Card Games: A History
Just a deck of cards and a couple of people—that’s all you need to have hours of fun. And sometimes, you don’t even need the people (see: Solitaire)! Card games have been amusing people since as early as the 10th century, when playing cards were mainly reserved for wealthy or royal individuals. As trade routes spread over the globe, playing cards did, too. Thanks to the invention of woodblock printing, and later the printing press, more and more people were able to enjoy playing cards. This blog post will explore three common card games and their history.
Pinochle is a classic card game that came to the United States from Germany. It comes from the French game of “Bezique,” which is a melding card game, meaning that players of the game work toward obtaining matching sets of cards. The exact meaning of the word pinochle is contested, but some believe it stems from the French word “binocle,” meaning eyeglasses with two lens, and refers to the pinochle deck, which contains two cards of each the aces, face cards, tens, and nines of all four suits. Pinochle is so popular a game that the National Pinochle Association hosts a yearly tournament, but it is also pervasive among recreational players.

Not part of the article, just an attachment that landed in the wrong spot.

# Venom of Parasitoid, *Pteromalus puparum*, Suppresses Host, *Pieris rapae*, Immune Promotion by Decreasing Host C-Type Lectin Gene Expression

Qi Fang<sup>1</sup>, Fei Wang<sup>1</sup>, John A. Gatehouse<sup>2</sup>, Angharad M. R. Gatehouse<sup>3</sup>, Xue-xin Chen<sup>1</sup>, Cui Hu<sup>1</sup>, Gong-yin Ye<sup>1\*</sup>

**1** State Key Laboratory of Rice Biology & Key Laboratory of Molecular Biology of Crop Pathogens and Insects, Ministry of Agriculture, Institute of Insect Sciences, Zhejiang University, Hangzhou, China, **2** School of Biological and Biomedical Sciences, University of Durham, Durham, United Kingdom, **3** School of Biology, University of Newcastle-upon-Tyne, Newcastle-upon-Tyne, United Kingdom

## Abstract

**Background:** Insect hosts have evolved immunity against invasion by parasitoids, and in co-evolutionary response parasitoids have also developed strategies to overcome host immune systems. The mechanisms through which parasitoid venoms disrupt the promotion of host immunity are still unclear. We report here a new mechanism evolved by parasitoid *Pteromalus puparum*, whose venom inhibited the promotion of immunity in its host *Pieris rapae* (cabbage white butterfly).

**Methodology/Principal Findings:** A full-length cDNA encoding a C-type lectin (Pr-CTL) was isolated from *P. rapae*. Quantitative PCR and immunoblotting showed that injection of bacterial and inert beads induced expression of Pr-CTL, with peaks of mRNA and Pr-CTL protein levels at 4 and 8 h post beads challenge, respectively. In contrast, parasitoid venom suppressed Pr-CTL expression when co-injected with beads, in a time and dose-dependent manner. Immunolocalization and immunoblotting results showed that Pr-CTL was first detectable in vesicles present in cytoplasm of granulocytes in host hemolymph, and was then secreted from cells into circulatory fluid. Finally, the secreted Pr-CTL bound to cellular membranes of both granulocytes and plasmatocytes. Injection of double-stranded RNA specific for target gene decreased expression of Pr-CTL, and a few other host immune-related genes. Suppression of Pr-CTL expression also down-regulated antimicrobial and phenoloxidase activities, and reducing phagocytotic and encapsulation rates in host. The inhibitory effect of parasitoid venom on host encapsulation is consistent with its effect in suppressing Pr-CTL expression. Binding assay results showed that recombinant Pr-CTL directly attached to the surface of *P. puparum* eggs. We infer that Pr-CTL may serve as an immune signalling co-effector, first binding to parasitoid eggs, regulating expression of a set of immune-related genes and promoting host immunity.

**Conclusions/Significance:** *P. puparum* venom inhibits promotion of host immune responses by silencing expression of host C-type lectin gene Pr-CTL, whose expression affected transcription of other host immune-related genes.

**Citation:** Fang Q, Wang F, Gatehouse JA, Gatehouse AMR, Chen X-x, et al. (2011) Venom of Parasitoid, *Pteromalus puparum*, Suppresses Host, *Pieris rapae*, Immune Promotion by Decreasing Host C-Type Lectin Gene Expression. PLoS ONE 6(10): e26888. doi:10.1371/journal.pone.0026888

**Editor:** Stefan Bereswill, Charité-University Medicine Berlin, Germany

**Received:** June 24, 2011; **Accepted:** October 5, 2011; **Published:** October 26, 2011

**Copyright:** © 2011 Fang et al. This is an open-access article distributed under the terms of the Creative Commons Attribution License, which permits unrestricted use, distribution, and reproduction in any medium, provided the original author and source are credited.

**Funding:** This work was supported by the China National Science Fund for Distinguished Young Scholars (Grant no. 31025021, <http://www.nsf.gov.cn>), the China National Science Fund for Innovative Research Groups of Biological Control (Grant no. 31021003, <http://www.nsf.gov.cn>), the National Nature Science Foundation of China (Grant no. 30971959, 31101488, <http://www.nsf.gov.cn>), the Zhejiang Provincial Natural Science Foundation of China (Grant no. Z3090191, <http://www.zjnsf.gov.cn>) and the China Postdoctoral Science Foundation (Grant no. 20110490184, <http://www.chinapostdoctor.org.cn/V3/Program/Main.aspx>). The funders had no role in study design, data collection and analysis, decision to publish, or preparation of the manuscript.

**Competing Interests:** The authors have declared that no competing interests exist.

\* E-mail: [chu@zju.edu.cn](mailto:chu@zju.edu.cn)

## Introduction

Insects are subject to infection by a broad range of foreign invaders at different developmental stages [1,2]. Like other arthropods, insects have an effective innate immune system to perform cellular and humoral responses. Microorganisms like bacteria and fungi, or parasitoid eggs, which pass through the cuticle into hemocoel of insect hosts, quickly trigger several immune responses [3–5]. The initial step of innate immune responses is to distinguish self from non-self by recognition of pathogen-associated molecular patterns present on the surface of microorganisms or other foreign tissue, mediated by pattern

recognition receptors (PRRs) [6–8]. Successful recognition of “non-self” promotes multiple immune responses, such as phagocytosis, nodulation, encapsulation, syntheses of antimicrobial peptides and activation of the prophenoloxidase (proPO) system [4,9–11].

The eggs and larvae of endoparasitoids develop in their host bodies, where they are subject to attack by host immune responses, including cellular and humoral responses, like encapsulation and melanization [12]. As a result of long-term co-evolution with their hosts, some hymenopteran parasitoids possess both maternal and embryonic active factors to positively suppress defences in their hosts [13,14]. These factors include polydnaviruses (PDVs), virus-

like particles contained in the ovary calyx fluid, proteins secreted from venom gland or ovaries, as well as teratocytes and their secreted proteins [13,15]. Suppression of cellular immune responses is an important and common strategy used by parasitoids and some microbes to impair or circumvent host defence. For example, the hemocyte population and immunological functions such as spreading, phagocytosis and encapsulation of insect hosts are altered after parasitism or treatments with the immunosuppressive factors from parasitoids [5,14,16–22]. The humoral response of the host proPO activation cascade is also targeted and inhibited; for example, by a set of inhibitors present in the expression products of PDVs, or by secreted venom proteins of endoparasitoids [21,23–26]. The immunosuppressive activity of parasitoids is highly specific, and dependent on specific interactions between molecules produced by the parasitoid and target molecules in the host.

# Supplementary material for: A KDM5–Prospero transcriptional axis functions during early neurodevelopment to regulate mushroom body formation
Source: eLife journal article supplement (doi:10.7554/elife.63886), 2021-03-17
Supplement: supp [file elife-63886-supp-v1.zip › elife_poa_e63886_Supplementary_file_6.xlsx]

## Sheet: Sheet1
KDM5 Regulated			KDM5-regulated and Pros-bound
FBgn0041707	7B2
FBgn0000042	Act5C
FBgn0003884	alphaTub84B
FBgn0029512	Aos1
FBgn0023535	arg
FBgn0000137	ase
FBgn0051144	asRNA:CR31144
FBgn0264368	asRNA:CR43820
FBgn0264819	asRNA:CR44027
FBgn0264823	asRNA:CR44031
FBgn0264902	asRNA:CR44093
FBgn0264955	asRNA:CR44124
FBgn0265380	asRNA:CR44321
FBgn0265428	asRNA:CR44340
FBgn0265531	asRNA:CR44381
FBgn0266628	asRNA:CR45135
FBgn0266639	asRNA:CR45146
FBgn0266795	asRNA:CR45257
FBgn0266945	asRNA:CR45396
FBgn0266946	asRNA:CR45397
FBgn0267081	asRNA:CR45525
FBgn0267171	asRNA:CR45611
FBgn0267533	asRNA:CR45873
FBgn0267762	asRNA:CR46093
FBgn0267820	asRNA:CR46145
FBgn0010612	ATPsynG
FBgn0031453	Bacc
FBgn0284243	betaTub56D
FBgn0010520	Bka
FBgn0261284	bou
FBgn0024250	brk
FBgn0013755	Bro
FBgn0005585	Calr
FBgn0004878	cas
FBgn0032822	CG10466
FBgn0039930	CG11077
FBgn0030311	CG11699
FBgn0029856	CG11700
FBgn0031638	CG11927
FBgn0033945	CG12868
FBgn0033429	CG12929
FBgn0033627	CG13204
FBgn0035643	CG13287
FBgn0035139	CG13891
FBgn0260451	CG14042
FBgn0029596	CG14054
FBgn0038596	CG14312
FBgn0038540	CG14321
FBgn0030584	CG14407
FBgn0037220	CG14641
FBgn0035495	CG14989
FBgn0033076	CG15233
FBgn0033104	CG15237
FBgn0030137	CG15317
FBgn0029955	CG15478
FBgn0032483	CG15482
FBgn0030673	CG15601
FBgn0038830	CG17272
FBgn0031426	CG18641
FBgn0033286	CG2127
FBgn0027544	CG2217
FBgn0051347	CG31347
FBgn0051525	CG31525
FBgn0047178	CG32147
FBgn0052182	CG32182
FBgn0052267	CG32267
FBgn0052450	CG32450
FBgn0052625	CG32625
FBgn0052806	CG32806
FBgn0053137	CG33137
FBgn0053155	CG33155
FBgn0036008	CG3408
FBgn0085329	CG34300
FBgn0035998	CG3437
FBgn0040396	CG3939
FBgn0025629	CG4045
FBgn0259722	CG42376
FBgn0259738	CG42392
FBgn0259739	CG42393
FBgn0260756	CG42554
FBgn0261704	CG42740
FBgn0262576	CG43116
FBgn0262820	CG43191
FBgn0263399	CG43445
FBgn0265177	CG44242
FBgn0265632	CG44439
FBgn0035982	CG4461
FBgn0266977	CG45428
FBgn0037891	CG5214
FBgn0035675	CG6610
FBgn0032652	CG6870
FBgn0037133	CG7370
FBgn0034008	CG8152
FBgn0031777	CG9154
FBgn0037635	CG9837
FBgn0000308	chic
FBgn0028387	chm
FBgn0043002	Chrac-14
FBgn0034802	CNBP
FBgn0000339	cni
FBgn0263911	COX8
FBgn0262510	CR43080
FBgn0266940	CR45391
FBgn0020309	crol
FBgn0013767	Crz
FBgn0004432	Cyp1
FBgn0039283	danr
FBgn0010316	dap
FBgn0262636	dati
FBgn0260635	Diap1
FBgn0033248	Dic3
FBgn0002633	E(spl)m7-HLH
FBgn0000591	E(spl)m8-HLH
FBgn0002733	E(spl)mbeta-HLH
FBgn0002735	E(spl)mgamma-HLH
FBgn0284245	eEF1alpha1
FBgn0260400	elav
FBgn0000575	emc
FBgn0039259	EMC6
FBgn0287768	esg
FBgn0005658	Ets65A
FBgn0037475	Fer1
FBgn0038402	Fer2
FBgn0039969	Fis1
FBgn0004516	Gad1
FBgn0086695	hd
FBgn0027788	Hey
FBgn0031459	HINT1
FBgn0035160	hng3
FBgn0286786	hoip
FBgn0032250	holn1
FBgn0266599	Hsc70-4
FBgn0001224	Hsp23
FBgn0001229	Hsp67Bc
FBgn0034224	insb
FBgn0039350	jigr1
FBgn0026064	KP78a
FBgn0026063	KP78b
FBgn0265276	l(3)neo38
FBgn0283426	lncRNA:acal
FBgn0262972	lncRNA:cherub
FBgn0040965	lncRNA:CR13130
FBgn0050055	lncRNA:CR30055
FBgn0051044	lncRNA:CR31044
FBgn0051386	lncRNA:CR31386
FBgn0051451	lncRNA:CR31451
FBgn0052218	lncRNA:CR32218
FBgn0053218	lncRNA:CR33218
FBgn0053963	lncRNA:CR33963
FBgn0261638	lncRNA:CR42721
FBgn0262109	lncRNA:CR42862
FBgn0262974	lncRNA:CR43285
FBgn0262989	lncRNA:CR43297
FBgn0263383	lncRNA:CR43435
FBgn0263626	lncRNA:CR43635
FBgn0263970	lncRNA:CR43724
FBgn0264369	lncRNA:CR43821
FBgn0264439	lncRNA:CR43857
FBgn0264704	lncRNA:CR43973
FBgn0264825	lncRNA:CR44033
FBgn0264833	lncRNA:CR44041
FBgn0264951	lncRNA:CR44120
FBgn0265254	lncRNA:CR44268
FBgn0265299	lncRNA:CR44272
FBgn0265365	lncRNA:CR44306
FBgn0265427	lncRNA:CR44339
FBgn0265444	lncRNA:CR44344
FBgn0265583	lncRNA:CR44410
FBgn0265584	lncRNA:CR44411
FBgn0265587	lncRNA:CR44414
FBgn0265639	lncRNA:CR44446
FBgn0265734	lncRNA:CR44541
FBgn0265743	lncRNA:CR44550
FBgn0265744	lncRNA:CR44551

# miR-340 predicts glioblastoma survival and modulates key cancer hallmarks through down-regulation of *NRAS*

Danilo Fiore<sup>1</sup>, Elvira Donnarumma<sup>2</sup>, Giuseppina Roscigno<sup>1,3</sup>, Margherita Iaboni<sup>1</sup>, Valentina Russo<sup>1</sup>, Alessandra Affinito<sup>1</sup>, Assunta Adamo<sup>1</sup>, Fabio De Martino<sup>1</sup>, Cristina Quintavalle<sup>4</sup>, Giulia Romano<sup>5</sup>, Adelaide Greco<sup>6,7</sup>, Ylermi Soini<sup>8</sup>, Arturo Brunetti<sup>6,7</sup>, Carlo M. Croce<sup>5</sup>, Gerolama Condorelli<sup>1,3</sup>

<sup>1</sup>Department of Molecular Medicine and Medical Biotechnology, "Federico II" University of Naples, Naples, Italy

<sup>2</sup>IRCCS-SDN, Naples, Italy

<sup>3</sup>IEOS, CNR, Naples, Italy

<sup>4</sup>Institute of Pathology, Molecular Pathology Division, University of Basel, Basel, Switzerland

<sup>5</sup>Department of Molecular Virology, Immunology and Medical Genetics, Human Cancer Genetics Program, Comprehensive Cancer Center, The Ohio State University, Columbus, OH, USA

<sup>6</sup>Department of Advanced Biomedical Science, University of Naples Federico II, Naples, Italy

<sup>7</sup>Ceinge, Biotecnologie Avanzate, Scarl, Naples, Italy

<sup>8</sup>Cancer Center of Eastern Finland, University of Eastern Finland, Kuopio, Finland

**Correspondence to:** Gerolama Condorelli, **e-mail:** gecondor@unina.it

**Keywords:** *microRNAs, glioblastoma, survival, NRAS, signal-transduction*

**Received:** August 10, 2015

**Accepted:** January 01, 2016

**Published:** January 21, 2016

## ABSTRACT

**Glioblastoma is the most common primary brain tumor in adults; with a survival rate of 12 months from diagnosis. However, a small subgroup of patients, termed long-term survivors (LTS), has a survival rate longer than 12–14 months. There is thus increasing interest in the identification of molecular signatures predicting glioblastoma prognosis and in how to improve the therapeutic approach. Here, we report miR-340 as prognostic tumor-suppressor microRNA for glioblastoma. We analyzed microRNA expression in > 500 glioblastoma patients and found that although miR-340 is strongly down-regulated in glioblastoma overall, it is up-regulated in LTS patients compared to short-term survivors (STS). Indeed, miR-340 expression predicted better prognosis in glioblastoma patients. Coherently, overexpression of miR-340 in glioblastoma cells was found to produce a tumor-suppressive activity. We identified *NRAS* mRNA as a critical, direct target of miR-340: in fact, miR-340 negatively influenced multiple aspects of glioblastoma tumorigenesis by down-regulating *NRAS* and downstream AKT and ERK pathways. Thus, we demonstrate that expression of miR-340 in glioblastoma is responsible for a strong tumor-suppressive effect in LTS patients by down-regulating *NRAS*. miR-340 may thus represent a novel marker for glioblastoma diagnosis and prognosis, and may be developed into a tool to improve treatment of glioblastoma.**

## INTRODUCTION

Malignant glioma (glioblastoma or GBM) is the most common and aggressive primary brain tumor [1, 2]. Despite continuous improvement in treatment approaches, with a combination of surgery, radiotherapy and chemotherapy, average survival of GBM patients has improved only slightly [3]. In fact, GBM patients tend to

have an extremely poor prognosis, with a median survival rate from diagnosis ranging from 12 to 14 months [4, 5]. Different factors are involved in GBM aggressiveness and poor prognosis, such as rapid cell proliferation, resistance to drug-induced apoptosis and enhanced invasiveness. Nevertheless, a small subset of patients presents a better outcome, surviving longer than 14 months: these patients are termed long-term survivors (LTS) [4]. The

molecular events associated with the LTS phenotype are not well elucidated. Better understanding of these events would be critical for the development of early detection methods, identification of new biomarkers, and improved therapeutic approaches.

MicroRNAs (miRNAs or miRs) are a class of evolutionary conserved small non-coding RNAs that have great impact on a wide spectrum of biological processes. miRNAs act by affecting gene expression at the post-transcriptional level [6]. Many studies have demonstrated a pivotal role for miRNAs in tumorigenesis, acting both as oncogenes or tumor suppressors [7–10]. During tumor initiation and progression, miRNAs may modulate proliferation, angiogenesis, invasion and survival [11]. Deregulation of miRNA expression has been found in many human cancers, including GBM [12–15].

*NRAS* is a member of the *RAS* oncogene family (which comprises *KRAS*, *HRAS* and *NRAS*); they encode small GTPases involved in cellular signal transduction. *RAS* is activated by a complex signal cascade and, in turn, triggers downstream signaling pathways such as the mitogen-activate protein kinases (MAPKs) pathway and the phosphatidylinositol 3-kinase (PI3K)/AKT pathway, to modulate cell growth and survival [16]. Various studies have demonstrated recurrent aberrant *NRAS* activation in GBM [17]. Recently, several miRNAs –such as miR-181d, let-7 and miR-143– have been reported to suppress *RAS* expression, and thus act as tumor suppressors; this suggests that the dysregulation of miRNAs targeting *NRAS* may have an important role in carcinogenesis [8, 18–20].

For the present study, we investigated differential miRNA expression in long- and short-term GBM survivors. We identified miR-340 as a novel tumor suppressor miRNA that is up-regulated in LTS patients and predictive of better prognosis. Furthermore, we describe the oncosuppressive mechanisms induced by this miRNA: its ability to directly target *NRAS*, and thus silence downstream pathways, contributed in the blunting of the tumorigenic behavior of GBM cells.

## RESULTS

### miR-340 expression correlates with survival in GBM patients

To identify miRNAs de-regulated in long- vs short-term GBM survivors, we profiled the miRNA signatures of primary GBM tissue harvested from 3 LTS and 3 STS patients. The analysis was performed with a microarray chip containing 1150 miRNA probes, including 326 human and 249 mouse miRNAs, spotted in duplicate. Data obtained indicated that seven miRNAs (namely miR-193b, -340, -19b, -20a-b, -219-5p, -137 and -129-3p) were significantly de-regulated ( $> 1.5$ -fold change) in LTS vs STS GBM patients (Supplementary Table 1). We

Pinochle quick fact: A pinochle deck has 48 cards in it as opposed to a normal deck, which has 52.
Another popular card game—Gin Rummy—has similarly contested origins. “Rummy” refers to the draw and discard method of playing cards and includes many different types of games, including Canasta. Some believe that the “gin” in “Gin Rummy” is a play on the fact that both words are types of alcohols, and posit that the first players enjoyed the card game whilst sipping gin. Gin Rummy reached the height of popularity in the 1930s, thanks in part to Hollywood actors and actresses who played it both in movies and while relaxing on set.
Gin Rummy quick fact: In one study, seasoned players were found to have better hand-eye coordination and people-reading skills than non-players.
For the introverted among us, or those who live alone, finding a partner with whom to play cards can be challenging. So, patience … or Solitaire! Often called “Patience” in Britain, Solitaire is a single-player game that involves arranging the deck of cards in a particular order, based on suits. In some languages such as Danish, Solitaire is called “Secret,” which is thought to be the remnant of a time when the game was used as a fortune-telling tool.
Solitaire quick fact: The first online version of Solitaire was released by Microsoft in 1989.
Playing cards, whether by yourself or with a group of people, is an excellent way to decompress and rejuvenate. Be you a pinochle whiz or a go-fish fan, card games can improve mental agility, enhance your social life, and help you unwind. Of course, there is no better reason to play cards than simply for the fun of it—unless it’s 52 Card Pickup, which is never a good time!